Opinion

Congressional inaction on the estate tax creates ‘March sadness’

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Print this page John P. Dedon

March Madness: brackets, teams on the bubble, last-second shots.  Right?  Yes, but how about the madness facing those who are currently planning their estates while Congress fails to act on the estate tax law.  Those who have followed this debacle know there currently is no federal estate tax; that Congress could reintroduce the estate tax this year, perhaps retroactively; and if Congress fails to act in 2010, in 2011 the amount individuals can protect from a maximum 55 percent death tax rate will be only $1 million.

This is also “March Madness,” or “March sadness.”  Tax attorneys and financial planners are struggling to advise clients how to plan with this uncertainty.  However, the impossibility of predicting the death tax future should not obscure the need to address fundamental planning needs.  The Alley Oop Dunk will make Sports Center, but the team making its free throws and the extra pass will win.  Here are some fundamental objectives individuals need to address, whether or not there will be estate tax to pay.

  • Guardians for minor children:  if you have children under 18, who will care for them if neither parent is living?  Absent you naming a guardian, family members may be in front of a judge arguing over who has custody of the children.
  • Spouses from second (or third) marriages:  Individuals in second marriages and who also have biological children often want to take care of the surviving spouse but want any remaining assets at the second death to revert to the biological children.  If appropriate trusts and trustees are not utilized, the assets could end up with the second spouse’s new husband or wife or the second spouse’s children.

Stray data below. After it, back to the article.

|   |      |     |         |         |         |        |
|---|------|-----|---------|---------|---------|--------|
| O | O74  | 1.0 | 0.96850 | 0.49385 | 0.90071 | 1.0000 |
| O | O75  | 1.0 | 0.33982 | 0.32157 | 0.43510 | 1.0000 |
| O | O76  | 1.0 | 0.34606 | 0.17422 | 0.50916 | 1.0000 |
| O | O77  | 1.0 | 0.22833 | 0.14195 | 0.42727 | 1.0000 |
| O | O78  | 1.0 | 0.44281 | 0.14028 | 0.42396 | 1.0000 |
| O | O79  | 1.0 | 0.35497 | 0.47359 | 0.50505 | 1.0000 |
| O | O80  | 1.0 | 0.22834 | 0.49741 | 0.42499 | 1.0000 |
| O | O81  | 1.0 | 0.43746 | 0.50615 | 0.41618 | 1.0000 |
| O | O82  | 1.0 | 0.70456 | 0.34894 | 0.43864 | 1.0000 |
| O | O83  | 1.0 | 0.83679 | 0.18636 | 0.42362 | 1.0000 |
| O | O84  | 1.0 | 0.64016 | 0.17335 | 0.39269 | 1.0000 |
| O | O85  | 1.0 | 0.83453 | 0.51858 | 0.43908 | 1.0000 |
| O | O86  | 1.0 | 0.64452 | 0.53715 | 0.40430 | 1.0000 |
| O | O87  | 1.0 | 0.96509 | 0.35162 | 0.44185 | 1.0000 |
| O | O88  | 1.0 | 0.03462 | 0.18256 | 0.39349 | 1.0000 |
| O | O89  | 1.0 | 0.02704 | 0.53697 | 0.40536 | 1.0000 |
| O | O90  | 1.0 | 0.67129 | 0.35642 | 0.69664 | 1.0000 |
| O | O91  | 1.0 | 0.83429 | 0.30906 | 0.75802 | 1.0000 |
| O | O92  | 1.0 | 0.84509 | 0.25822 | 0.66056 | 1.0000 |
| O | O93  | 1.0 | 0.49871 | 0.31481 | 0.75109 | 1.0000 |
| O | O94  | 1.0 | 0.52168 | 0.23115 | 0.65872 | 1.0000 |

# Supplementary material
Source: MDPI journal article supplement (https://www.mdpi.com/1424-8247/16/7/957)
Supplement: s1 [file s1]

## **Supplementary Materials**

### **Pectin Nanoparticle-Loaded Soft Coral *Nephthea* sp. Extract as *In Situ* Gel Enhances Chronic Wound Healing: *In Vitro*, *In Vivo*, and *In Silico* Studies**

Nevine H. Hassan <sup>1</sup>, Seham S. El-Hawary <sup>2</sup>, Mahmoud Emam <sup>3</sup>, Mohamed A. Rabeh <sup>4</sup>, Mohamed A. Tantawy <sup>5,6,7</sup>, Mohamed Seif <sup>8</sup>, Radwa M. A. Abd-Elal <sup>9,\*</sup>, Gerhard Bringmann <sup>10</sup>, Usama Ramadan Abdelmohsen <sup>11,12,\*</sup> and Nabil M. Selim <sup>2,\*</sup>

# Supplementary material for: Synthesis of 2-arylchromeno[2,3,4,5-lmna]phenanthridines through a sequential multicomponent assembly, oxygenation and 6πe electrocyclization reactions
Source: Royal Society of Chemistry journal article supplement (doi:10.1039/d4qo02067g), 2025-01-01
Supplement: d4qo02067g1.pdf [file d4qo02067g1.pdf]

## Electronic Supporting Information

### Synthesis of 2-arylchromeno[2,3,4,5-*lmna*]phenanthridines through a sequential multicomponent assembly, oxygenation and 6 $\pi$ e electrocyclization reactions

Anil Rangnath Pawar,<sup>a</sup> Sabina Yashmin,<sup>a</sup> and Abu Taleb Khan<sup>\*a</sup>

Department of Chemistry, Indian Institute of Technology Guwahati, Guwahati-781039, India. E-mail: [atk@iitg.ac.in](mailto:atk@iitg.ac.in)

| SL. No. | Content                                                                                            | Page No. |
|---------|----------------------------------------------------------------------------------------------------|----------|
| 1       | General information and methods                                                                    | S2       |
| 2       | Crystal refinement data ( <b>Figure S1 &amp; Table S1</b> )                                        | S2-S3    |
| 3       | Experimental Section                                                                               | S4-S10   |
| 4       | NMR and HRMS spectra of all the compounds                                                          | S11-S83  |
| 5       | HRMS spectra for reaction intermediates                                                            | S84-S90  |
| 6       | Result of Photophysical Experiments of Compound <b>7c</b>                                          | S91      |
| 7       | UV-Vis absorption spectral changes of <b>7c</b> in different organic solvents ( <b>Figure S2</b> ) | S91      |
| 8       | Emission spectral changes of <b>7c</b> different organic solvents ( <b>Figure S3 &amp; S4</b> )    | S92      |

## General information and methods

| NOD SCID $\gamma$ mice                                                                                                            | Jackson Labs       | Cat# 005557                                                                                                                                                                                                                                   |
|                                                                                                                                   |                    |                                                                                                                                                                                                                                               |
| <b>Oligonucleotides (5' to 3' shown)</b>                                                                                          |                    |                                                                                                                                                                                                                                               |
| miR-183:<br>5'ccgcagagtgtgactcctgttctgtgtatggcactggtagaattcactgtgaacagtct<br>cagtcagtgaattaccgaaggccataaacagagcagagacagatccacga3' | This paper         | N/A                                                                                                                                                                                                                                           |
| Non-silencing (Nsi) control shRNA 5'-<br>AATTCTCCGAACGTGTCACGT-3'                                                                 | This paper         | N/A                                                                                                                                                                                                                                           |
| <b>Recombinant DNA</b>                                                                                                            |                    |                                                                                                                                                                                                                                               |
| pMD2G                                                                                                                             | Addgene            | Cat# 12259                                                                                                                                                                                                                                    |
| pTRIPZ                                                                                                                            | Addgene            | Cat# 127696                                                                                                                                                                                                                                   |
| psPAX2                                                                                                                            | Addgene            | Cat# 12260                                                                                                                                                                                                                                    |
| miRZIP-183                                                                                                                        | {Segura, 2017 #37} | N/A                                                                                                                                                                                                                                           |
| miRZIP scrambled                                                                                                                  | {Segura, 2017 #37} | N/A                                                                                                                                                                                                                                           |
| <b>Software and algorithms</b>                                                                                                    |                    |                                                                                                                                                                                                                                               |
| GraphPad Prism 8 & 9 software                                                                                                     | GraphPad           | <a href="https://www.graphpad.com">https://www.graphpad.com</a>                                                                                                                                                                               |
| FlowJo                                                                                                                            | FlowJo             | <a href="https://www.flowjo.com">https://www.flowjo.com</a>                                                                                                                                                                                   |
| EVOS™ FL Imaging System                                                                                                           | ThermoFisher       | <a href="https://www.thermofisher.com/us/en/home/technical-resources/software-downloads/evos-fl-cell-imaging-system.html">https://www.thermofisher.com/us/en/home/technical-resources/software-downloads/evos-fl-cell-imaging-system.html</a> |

• Assets passing to children:  Parents often express a concern that their children’s inheritance could end up with a former son-in-law or daughter-in-law in the event of a child’s divorce.  Another common concern is that the inheritance could be frivolously wasted or that the inheritance could sap the child’s motivation to lead a productive life. 
  • Probate avoidance:  Whether the estate is $100,000 or $100 million, we all can avoid probate, i.e., the process whereby the local jurisdiction will supervise the collection and ultimate distribution of the estate assets.  Weaving through probate will take months (and sometimes years) and can be expensive, among other disadvantages.  By utilizing trusts and properly titling the assets and coordinating the beneficiary designations, probate is avoided. 
  • Asset titling and beneficiary designations:  Individuals often prepare thorough planning documents but do not coordinate the documents with the titling of their assets and beneficiary designations.  Typically, the titling and beneficiary designations will supersede the dispositive provisions in the documents.  An estate plan can fail if assets are not tied to documents.

Congress’ inaction on the estate tax issue has been far from a legislative “One Shining Moment.”  Hopefully Congress will focus on estate tax issues this year and provide some permanence prior to 2011 and a $1 million exemption amount.  But with or without Congress, individuals should ensure their fundamental estate planning objectives are met.   

John P. Dedon is a principal in the firm with the Trust, Estate & Tax Planning practice group of Odin, Feldman & Pittleman. Dedon blogs about estate planning issues for Virginians and U.S. citizens at dedononestateplanning.typepad.com.
 


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